Bring back a grand party

We need the Republican Party back, the way we knew it, way back when. There’s been plenty of talk, much of it negative, concerning the party. The party has factionalized, with many in the party seeking to distance themselves from the eight years dominated by the Bush White House, many drifting further to the extreme.

The Grand Old party is struggling to shape itself, project itself in terms of upcoming elections and, in slightly less than four years, a presidential election.

Much of the yammering of late has centered on the assertion that a radio talk show host is now the voice of, if not de facto head of the national party. Opponents who find the absurd assertion an effective decoy have engineered much of this attention. Talk radio personalities like Rush Limbaugh, in reality, speak to a minority of Republicans, and the majority has better individuals and ideas to follow. Who in their right mind would contemplate party leadership in the hands of a radio entertainer whose job it is to jack up susceptible souls when they can look to individuals such as Newt Gingrich, Mitt Romney and Bobby Jindal. (Yes, Jindal’s speech following the president’s address was less than stellar, but catch him in another forum — the man is bright, articulate and a force to be reckoned with).

There are many of us who remember the party as it once was: clear in its devotion to fiscal conservatism and capitalist principles, sometimes stuffy and restrained, but balanced, also including moderates of the northern ilk. It was not, as the party seems now, pulled by narrow agendas, distorted by the loud pronouncements of extremists.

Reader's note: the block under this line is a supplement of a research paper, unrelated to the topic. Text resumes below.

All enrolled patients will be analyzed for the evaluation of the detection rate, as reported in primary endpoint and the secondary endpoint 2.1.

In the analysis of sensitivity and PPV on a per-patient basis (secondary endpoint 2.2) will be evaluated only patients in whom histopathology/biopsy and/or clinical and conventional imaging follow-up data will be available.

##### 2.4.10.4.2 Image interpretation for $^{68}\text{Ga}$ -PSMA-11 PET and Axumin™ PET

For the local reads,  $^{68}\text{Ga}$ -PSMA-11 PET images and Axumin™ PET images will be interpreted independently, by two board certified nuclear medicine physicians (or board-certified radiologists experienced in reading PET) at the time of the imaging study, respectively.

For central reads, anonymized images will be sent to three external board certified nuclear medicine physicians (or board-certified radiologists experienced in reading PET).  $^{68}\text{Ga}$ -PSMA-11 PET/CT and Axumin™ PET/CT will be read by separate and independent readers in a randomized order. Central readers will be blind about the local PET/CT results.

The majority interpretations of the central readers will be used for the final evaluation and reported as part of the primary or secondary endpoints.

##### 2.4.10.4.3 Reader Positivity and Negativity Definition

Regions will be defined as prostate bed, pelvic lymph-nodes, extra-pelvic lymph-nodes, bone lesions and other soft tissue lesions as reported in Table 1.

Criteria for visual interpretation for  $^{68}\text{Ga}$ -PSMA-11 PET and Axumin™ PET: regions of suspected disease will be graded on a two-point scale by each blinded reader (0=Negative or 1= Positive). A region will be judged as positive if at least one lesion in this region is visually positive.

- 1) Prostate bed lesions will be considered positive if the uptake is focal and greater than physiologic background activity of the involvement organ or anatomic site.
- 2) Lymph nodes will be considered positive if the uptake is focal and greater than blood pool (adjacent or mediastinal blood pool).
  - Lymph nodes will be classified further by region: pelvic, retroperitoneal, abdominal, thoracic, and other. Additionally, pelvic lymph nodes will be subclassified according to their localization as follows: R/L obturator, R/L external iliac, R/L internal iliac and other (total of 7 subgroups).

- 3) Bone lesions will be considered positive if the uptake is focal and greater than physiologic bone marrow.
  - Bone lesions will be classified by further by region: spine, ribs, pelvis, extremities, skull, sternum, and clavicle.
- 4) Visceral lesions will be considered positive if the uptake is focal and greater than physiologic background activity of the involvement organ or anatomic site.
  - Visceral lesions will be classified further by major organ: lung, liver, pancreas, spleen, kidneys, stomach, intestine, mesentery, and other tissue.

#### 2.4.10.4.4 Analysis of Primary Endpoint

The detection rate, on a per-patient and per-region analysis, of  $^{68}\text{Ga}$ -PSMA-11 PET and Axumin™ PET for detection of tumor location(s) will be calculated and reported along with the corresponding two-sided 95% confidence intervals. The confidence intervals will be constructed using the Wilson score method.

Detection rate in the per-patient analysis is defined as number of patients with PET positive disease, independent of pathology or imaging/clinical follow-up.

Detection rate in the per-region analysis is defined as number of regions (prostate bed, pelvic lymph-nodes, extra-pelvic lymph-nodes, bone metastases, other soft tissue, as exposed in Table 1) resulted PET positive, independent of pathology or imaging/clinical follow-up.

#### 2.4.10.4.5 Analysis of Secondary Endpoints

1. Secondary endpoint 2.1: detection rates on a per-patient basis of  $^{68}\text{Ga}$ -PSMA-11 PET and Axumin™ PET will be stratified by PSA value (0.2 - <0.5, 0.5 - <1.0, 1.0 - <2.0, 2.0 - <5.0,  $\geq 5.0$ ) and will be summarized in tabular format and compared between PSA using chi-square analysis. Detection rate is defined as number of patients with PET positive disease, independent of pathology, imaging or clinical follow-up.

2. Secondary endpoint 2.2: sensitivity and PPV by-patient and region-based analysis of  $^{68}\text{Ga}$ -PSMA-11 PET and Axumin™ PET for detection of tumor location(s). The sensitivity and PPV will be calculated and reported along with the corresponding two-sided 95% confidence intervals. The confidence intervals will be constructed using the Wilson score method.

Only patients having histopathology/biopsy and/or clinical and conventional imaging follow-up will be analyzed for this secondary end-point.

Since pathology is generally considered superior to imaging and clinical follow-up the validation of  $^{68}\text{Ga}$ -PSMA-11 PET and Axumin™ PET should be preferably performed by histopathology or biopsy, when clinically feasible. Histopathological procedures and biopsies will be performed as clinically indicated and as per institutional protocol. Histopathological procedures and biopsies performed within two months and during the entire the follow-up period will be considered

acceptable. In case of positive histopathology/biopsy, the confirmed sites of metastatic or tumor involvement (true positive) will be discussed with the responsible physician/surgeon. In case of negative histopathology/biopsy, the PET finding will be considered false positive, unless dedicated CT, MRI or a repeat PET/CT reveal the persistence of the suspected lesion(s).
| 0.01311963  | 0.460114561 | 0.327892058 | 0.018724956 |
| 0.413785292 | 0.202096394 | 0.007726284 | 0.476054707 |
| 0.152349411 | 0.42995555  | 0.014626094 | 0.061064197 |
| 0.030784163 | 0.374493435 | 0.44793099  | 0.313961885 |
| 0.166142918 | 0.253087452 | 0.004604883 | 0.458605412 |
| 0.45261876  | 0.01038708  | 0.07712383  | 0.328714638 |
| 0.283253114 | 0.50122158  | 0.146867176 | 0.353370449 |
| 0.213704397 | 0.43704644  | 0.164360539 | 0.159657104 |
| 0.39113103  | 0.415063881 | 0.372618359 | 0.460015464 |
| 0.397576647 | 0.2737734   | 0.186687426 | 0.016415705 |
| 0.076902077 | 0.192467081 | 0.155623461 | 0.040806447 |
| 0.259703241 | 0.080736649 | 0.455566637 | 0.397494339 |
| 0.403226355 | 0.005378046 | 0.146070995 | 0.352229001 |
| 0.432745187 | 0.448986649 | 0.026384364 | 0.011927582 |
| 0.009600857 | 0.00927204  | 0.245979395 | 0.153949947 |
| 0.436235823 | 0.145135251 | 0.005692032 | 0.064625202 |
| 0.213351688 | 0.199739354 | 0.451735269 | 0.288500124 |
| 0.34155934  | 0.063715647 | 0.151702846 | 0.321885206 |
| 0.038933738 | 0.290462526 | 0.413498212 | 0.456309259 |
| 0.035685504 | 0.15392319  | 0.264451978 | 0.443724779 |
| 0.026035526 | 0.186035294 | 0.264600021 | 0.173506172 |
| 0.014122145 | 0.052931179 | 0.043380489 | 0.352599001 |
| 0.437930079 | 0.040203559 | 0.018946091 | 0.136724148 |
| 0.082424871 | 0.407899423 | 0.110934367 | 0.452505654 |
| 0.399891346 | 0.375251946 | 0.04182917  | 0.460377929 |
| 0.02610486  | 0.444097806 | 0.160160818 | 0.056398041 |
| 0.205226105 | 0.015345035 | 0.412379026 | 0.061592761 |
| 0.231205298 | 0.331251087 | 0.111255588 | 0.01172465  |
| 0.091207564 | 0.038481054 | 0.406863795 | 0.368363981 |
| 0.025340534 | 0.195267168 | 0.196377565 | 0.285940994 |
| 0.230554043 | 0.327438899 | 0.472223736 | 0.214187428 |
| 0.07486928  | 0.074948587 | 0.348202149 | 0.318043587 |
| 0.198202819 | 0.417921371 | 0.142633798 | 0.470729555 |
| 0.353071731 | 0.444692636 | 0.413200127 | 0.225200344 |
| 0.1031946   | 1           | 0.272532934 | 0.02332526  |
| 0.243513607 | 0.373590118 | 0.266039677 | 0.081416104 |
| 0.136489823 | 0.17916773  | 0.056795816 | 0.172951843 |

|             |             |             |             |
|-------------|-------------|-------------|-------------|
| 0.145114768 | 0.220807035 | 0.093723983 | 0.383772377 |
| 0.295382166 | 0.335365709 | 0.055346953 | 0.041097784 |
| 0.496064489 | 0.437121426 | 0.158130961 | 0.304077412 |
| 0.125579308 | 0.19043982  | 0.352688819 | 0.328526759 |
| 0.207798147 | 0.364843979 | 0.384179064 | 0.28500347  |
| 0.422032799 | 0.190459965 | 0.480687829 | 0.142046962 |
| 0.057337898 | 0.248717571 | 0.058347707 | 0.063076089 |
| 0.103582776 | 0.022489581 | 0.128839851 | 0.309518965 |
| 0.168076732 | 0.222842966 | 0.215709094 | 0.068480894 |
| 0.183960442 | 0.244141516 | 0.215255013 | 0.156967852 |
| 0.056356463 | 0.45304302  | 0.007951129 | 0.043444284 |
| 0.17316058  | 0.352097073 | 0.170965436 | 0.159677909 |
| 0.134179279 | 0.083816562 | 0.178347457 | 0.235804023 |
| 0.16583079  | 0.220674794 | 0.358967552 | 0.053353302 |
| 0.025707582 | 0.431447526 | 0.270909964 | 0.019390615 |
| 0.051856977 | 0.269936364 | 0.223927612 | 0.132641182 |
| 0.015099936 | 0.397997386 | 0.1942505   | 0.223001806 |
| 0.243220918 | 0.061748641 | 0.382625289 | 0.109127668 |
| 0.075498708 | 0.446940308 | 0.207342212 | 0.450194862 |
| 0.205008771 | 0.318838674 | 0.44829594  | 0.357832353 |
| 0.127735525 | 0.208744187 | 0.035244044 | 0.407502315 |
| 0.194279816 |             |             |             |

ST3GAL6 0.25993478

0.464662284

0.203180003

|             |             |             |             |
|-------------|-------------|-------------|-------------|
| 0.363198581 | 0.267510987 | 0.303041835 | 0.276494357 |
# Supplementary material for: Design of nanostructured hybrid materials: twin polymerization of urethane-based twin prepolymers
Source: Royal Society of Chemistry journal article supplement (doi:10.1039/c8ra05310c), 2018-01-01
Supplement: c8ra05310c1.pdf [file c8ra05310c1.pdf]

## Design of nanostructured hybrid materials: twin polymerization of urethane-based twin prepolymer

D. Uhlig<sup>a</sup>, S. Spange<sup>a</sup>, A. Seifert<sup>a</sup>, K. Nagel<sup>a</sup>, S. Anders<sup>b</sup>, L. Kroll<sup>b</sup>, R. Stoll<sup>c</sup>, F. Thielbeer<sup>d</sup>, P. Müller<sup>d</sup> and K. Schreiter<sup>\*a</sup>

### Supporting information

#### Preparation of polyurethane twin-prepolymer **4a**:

While not affiliated with either party, we believe that each of the main parties, at the national and state levels, should be clearly defined, with broad platforms, that the voters must have real choices when it comes time to cast a ballot. Not simpleminded, ideological radiohead options, but choices given birth in the bed of sound principles. This is the way our system best works.

As for the Republican Party at the local level, we believe it can be safely said it is in no better shape now than the mother organization.

The local Republican Party has long relied on a large population of, primarily, retired people who relocate here. A fresh supply of those long dedicated to the partisan vote has been a political fact of life. While that trend continues to a degree, it does not mean the party has strengthened its position. It is, in fact, losing ground.

Take a look at the last decade of county leadership, ending with the problems faced by the county in the last year and a half. Republican dominated.

Take a look at the recent county elections. One Republican was elected, and one Democrat. The Republican candidate, while more than worthy, ran against fairly weak competition. The Republicans could not mount effective opposition to the eventual Democratic winner.

And take a look at shifting demographics: Democrat and unaffiliated ranks are growing. And growing in more than numbers.

While the local Republican Party shows no sign of becoming stronger. A former county commissioner, who managed only 7 percent of the vote in the Republican primary election, has been selected as party chairman, and other officers reflect the old business as usual. This party needs a genuine shot in the arm; it must find a way to attract younger voters into the ranks and, more importantly, find a way to convince qualified and younger party members to take key leadership roles and position themselves as candidates. This will be difficult to do, given the current state of the organization.

This matters: we have not had the good sense to move county politics to a non-partisan system and until we do, strong parties are where effective leadership begins.

Karl Isberg